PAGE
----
Anxiety is a normal response to stress. However, when it becomes hard to control and affects your day-to-day life, it can be disabling. Anxiety disorders affect nearly 1 in 5 adults in the United States. Women are more than twice as likely as men to get an anxiety disorder in their lifetime.
What Is Anxiety?
Anxiety is a feeling of worry, nervousness, or fear about an event or situation and is a normal reaction to stress. It helps you stay alert for a challenging situation at work, study harder for an exam, or remain focused on an important speech. In general, it helps you cope.
Unfortunately, anxiety can also be disabling if it interferes with daily life. It can make you dread nonthreatening, day-to-day activities like riding the bus or talking to a coworker. Anxiety can also be a sudden attack of terror when there is no threat.
Physical symptoms may include weakness, shortness of breath, rapid heart rate, nausea, upset stomach, and dizziness.
What Are Anxiety Disorders?
Anxiety disorders happen when excessive anxiety interferes with your everyday activities, such as going to work or school or spending time with friends or family. Anxiety disorders are the most common mental disorders in the United States.
Major Types of Anxiety Disorders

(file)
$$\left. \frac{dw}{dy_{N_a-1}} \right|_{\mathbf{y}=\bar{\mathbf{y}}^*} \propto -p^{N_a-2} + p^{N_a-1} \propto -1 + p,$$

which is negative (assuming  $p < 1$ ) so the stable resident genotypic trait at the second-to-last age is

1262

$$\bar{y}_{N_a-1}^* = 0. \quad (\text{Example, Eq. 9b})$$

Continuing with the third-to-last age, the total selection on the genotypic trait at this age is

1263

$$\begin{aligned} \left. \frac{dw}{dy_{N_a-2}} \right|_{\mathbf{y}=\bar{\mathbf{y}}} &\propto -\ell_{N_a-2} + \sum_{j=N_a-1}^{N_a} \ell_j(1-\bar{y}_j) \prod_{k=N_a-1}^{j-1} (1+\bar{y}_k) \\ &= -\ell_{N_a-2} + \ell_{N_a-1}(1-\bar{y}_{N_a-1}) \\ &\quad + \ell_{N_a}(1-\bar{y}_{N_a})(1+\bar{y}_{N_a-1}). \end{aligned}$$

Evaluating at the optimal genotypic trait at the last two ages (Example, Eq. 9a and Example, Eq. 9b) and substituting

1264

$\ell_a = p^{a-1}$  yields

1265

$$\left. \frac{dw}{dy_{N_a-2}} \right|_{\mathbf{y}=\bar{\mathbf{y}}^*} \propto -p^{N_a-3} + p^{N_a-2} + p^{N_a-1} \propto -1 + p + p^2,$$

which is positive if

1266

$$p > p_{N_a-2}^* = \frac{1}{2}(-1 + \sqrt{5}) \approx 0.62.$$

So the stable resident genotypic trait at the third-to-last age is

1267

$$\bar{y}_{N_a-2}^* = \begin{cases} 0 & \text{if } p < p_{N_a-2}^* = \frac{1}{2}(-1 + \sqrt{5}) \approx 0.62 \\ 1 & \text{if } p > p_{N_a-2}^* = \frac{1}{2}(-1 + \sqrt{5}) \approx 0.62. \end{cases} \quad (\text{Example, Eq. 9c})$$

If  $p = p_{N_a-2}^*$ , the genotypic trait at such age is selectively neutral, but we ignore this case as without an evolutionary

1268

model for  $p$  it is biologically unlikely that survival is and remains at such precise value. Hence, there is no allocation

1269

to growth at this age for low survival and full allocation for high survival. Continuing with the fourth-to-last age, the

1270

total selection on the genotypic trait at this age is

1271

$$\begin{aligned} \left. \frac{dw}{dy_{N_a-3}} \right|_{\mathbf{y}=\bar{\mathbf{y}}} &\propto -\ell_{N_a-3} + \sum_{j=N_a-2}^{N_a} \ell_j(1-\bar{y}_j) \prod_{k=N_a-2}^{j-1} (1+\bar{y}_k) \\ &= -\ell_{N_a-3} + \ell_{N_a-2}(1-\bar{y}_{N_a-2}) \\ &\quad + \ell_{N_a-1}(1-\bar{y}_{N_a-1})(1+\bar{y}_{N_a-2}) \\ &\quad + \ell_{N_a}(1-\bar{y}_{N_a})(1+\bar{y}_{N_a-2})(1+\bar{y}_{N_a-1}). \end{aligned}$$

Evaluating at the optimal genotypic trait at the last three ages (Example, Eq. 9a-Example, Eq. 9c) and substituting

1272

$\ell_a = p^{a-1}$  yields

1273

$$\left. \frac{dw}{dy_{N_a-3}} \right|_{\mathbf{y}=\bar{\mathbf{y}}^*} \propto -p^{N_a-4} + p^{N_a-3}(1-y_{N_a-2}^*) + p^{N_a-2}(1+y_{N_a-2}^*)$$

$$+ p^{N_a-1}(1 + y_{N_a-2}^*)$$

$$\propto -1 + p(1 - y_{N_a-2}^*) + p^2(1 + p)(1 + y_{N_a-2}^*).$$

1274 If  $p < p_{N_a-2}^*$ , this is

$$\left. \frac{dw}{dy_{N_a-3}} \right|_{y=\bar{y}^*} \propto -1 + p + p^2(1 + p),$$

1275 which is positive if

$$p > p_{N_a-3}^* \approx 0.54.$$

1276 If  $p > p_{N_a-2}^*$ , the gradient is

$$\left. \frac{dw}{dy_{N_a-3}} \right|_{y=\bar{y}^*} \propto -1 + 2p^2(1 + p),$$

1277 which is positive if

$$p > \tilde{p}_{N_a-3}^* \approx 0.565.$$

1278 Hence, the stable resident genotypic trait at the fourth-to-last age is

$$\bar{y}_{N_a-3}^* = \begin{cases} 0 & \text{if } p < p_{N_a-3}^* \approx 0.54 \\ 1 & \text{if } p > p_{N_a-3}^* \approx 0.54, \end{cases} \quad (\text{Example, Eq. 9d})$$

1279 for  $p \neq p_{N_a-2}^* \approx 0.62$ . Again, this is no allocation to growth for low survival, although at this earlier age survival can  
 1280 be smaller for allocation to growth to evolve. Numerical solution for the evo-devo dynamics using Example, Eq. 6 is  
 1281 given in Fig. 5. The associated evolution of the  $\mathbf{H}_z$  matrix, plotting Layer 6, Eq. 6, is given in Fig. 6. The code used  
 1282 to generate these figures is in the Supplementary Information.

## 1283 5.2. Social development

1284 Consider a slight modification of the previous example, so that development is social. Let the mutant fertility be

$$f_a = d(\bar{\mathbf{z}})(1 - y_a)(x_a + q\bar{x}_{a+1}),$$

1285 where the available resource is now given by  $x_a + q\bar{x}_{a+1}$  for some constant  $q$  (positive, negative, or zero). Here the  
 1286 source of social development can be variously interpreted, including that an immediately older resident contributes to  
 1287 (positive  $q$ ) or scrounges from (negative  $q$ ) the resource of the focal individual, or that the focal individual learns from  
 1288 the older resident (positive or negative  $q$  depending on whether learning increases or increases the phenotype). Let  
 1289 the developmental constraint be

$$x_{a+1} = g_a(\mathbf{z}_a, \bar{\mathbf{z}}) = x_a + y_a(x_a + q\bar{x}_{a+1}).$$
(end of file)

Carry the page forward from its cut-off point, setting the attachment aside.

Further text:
Generalized Anxiety Disorder (GAD). Those with GAD worry excessively about ordinary day-to-day issues like health, money, work, and family. With GAD, the mind often jumps to the worst-case scenario, even when there is little or no reason to worry. One may have muscle tension and other stress-related physical symptoms, such as trouble sleeping or upset stomach.
Panic Disorder. A panic disorder is diagnosed when someone has sudden attacks of terror when there is no actual danger. Panic attacks may cause a sense of unreality, a fear of impending doom, or a fear of losing control. A fear of one’s own unexplained physical symptoms is also a sign of a panic disorder. People having panic attacks sometimes believe they are having heart attacks, losing their minds, or dying.
Social Phobia. A social phobia, also called social anxiety disorder, is diagnosed when people become very anxious and self-conscious in everyday social situations. People with social phobia have an intense fear of being watched and judged by others. They may get embarrassed easily and often have panic attack symptoms.
Specific Phobia. A specific phobia is an intense fear of something that poses little or no actual danger. Specific phobias could be fears of closed-in spaces, heights, water, objects, animals, or specific situations. People with specific phobias often find that facing, or even thinking about facing, the feared object or situation brings on a panic attack or severe anxiety.
Each anxiety disorder has different symptoms. They all involve fear and dread about things that may happen now or in the future.
Other Conditions That Are Not Considered Anxiety Disorders But Are Similar
Obsessive-Compulsive Disorder (OCD). People with OCD have unwanted thoughts (obsessions) or behaviors (compulsions) that cause anxiety. They may check the oven or iron again and again or perform the same routine over and over to control the anxiety these thoughts cause. Often, the rituals end up controlling the person.